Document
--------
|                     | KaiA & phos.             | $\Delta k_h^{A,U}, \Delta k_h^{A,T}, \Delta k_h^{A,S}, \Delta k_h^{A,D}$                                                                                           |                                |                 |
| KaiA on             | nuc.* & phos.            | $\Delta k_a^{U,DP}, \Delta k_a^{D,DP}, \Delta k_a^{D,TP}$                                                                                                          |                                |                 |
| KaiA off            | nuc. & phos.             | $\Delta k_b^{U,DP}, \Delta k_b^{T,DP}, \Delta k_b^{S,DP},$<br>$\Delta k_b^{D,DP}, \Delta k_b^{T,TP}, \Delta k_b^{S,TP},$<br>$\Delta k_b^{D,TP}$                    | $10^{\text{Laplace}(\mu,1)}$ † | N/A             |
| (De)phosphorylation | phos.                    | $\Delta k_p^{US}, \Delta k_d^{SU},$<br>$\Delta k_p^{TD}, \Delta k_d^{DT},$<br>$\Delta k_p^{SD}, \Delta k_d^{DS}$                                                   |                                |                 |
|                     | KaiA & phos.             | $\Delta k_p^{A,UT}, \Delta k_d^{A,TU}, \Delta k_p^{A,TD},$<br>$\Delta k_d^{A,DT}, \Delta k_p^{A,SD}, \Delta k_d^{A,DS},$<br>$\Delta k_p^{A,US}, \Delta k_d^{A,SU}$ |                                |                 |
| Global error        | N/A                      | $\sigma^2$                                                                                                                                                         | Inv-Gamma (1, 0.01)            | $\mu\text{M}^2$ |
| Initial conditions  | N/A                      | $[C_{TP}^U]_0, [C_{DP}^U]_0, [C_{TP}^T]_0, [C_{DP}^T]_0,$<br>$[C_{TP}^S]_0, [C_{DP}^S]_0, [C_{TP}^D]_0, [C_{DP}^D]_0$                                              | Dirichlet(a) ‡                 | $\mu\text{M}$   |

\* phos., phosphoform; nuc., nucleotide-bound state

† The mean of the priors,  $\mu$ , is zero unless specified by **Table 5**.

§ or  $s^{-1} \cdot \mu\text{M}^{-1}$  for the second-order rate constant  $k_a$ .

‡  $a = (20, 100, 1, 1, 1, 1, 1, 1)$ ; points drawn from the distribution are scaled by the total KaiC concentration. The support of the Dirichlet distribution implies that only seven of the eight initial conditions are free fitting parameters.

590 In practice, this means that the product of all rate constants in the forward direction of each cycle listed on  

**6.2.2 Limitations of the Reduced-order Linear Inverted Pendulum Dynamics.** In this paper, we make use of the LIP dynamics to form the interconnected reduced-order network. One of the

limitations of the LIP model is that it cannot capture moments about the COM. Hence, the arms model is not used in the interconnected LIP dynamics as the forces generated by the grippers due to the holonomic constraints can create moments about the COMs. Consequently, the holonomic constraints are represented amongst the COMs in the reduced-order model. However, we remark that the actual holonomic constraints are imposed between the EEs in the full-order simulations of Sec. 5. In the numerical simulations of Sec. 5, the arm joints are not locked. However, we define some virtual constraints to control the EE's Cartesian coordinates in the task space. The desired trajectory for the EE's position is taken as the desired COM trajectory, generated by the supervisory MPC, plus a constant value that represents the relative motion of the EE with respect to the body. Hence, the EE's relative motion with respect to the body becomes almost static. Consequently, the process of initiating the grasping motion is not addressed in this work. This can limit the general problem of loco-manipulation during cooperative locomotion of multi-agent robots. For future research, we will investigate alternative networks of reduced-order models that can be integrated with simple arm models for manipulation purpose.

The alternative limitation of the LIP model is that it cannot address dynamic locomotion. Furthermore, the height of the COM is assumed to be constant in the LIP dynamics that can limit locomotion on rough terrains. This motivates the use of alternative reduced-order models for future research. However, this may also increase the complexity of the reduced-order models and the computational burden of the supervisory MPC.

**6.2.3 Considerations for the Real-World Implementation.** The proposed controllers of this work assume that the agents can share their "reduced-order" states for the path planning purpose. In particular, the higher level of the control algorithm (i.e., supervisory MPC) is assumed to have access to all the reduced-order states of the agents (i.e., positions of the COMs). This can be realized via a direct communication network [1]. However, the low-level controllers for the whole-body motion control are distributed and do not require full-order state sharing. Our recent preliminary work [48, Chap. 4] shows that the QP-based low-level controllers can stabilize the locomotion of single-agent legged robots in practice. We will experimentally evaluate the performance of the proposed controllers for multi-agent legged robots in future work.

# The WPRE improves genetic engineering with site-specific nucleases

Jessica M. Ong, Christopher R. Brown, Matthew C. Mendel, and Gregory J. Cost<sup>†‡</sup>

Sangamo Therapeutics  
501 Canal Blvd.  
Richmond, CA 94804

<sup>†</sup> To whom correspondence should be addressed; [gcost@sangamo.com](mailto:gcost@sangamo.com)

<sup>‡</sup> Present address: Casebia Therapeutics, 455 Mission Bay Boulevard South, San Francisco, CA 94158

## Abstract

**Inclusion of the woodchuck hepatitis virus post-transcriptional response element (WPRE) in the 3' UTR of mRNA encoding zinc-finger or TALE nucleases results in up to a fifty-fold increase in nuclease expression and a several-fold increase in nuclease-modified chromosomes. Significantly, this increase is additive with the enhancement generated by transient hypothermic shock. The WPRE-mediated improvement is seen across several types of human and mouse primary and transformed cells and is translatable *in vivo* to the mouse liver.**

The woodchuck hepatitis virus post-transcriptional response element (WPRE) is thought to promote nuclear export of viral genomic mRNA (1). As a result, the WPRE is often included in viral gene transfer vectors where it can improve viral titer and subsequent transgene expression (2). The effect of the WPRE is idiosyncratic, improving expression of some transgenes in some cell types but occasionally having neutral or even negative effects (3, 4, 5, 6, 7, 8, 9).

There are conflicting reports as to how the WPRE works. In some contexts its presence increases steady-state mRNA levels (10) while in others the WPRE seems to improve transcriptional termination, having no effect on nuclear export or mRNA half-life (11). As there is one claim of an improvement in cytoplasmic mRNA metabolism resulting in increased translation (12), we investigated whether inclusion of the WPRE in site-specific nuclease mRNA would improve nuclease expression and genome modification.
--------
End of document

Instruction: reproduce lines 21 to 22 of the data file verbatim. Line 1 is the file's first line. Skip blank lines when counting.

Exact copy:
Richmond, CA 94804

<sup>†</sup> To whom correspondence should be addressed; [gcost@sangamo.com](mailto:gcost@sangamo.com)